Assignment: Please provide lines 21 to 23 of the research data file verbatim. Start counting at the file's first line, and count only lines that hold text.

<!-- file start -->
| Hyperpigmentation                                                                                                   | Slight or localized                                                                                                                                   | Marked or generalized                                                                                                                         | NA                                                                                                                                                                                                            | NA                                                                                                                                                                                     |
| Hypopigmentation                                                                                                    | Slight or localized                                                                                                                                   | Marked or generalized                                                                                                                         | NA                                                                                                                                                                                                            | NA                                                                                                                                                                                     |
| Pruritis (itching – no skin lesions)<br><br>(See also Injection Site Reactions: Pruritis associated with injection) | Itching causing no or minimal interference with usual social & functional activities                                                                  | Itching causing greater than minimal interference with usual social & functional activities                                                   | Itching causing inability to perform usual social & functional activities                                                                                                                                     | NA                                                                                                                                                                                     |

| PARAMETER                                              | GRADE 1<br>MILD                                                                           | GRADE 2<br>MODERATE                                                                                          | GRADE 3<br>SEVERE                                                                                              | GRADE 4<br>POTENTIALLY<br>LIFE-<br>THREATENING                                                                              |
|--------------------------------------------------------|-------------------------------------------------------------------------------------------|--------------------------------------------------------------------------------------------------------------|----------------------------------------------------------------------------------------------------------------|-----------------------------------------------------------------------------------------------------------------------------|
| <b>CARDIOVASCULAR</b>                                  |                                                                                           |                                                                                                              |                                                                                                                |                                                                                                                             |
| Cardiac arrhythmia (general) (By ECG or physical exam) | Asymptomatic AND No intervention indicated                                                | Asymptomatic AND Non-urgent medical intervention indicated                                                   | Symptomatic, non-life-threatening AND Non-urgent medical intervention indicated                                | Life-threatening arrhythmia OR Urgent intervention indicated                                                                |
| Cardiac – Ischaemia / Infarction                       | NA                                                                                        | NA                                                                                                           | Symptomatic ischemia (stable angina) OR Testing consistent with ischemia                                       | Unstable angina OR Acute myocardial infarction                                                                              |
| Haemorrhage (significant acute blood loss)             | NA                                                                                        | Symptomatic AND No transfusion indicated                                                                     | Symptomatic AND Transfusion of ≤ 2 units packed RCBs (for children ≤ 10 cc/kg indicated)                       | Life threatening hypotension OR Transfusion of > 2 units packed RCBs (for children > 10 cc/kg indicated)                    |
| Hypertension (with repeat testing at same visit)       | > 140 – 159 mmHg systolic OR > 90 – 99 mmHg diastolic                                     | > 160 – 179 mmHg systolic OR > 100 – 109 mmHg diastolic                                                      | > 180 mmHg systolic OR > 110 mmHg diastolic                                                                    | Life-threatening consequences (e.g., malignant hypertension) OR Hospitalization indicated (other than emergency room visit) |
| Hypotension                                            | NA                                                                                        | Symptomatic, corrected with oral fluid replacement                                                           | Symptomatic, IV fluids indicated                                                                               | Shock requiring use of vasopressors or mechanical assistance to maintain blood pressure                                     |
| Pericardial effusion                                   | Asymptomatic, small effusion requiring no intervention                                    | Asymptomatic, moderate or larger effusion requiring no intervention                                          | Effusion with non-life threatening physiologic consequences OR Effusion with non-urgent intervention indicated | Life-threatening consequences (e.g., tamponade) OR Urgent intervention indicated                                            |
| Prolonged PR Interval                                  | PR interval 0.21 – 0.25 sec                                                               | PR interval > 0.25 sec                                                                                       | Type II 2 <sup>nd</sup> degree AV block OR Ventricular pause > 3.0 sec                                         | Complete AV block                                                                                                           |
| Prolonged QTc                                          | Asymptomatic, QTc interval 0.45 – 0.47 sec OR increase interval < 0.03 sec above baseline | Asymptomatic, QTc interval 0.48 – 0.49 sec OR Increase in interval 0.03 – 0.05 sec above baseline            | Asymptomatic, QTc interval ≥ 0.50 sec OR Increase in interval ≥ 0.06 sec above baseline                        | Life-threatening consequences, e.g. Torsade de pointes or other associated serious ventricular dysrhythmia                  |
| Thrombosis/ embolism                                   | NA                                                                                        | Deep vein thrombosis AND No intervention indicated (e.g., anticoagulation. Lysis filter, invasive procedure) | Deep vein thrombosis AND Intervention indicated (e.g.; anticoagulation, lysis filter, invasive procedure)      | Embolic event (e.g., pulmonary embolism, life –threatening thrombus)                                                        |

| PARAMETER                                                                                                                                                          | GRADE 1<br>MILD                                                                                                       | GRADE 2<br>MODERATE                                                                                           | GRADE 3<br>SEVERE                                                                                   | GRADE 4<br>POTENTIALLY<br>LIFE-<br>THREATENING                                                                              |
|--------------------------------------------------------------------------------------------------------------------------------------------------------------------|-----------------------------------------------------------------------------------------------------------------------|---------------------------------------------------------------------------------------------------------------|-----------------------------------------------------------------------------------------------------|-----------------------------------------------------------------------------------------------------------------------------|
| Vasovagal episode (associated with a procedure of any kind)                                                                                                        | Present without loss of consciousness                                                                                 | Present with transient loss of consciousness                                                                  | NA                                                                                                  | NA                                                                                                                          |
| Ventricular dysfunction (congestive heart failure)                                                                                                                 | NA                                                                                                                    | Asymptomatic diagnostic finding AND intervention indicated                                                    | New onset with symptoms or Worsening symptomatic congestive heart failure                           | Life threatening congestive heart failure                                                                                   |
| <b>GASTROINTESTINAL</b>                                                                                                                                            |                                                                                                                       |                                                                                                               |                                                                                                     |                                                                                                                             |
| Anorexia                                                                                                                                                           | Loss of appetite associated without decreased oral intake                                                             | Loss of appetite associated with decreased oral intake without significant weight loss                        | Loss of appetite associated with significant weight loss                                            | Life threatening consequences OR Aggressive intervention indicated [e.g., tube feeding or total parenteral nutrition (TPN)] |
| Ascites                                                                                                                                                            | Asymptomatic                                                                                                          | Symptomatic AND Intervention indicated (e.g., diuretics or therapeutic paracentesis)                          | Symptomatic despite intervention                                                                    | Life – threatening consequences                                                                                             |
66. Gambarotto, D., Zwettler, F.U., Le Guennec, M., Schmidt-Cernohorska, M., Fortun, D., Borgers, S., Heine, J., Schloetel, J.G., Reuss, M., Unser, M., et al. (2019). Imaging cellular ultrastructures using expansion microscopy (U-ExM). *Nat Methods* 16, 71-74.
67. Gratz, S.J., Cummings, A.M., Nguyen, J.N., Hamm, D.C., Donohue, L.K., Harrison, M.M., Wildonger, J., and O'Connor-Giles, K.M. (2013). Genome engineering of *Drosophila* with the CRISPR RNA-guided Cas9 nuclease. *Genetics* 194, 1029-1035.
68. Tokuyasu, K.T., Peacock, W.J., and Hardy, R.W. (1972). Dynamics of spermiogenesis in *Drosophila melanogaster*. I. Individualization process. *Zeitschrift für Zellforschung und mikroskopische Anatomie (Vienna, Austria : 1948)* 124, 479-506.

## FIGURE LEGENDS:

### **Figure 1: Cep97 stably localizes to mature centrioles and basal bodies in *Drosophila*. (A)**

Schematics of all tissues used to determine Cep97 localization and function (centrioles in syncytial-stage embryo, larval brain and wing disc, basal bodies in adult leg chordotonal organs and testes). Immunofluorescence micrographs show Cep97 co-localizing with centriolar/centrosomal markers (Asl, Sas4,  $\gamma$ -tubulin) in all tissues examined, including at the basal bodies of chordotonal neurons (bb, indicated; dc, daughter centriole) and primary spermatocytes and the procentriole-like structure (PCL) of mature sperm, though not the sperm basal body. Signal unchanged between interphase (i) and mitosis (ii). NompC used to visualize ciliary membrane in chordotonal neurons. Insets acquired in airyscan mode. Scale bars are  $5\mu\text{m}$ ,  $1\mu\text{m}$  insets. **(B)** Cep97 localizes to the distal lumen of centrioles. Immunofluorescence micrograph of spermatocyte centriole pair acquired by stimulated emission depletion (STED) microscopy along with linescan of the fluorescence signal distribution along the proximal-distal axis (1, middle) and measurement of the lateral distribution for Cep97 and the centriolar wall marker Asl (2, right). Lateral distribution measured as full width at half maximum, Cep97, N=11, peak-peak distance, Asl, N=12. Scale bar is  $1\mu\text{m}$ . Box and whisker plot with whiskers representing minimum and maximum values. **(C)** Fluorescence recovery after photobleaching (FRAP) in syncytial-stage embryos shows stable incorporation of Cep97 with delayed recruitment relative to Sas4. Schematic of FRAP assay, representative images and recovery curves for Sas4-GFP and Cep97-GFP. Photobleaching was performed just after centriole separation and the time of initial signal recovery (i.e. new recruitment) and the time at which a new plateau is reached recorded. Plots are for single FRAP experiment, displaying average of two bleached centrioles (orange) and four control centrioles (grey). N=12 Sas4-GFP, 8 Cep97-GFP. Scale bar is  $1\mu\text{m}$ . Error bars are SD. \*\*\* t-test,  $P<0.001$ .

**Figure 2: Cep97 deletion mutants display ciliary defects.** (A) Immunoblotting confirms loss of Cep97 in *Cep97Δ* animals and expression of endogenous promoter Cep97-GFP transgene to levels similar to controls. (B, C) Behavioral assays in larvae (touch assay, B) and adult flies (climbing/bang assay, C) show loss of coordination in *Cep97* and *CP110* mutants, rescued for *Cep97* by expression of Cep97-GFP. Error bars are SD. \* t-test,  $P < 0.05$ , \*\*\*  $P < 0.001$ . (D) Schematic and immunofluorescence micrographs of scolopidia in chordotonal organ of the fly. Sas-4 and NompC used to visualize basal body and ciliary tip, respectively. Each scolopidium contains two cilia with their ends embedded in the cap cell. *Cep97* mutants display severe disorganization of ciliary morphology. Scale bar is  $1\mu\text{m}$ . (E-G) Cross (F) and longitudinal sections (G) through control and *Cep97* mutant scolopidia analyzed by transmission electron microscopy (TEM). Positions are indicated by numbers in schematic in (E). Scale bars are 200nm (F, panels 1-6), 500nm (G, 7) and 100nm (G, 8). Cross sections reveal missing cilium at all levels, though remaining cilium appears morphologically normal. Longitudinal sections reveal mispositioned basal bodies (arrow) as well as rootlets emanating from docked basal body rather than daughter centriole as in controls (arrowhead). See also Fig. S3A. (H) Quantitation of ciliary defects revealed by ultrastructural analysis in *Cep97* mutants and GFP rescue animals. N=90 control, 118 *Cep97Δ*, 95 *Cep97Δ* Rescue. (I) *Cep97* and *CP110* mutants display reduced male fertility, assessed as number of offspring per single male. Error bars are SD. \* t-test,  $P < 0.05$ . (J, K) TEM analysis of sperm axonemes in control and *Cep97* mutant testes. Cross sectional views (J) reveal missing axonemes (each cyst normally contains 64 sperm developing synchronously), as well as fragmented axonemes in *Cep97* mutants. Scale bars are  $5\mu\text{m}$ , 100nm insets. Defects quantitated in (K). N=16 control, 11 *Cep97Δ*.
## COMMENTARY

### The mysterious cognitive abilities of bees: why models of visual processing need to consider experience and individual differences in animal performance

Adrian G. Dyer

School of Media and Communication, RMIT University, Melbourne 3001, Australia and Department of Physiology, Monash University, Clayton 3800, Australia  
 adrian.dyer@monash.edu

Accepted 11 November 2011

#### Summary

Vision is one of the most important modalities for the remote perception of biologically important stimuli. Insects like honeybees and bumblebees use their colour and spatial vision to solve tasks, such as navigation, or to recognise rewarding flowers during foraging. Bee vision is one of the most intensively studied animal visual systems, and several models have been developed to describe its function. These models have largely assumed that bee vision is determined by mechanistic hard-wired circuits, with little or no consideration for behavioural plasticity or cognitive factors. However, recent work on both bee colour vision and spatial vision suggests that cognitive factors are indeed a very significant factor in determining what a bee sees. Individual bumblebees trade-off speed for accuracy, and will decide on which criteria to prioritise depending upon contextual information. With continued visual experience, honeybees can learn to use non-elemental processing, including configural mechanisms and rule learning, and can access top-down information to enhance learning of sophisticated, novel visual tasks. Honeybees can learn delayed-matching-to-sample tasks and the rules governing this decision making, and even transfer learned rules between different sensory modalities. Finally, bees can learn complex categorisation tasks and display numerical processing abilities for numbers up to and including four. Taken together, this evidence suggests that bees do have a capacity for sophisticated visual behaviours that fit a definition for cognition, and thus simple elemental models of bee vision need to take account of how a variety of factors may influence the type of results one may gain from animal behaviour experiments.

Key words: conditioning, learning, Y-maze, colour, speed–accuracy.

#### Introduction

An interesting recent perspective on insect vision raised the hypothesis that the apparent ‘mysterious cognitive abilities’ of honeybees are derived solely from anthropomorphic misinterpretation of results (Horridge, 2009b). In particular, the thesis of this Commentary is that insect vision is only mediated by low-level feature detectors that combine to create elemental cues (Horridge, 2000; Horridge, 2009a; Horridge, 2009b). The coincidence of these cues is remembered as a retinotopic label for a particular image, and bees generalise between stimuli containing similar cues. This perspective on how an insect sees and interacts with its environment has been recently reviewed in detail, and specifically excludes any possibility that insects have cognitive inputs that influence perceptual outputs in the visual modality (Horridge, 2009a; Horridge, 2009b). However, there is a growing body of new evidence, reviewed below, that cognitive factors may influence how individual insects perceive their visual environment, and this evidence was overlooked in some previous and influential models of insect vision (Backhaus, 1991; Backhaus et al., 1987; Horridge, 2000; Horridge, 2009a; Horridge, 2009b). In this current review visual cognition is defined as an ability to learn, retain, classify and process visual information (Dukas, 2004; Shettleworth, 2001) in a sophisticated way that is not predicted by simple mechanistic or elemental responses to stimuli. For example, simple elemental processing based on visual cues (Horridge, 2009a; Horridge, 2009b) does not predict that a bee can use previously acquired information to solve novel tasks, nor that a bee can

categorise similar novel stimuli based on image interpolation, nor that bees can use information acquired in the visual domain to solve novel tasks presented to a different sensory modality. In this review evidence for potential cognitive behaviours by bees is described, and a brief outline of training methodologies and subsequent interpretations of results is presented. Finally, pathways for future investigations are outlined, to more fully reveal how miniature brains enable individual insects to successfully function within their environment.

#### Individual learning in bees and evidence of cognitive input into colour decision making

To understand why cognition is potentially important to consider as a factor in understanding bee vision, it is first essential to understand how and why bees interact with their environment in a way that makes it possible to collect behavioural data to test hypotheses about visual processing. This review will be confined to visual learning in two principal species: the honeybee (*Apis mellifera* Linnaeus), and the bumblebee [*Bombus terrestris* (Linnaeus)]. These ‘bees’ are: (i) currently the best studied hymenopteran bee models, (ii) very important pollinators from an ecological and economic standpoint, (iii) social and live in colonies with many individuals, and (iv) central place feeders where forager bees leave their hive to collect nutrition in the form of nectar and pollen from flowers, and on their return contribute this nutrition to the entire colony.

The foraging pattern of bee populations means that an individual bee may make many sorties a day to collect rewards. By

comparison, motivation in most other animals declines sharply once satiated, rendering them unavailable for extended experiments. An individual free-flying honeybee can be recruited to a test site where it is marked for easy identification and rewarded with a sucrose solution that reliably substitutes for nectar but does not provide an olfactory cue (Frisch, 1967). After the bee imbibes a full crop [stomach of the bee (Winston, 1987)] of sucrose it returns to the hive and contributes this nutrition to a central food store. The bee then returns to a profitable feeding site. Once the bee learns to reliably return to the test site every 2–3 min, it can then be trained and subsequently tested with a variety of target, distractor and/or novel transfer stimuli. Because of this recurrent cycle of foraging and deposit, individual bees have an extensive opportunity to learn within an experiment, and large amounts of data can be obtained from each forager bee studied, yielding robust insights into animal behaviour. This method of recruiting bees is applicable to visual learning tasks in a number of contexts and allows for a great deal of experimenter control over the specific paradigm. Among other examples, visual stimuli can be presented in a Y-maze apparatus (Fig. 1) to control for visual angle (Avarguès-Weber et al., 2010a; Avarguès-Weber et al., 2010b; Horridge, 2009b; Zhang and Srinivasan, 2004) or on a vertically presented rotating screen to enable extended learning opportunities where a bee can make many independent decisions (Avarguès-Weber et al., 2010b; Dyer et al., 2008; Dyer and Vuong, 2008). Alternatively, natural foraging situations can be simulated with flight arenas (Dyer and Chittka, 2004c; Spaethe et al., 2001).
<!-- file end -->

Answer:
| Anorexia                                                                                                                                                           | Loss of appetite associated without decreased oral intake                                                             | Loss of appetite associated with decreased oral intake without significant weight loss                        | Loss of appetite associated with significant weight loss                                            | Life threatening consequences OR Aggressive intervention indicated [e.g., tube feeding or total parenteral nutrition (TPN)] |
| Ascites                                                                                                                                                            | Asymptomatic                                                                                                          | Symptomatic AND Intervention indicated (e.g., diuretics or therapeutic paracentesis)                          | Symptomatic despite intervention                                                                    | Life – threatening consequences                                                                                             |
66. Gambarotto, D., Zwettler, F.U., Le Guennec, M., Schmidt-Cernohorska, M., Fortun, D., Borgers, S., Heine, J., Schloetel, J.G., Reuss, M., Unser, M., et al. (2019). Imaging cellular ultrastructures using expansion microscopy (U-ExM). *Nat Methods* 16, 71-74.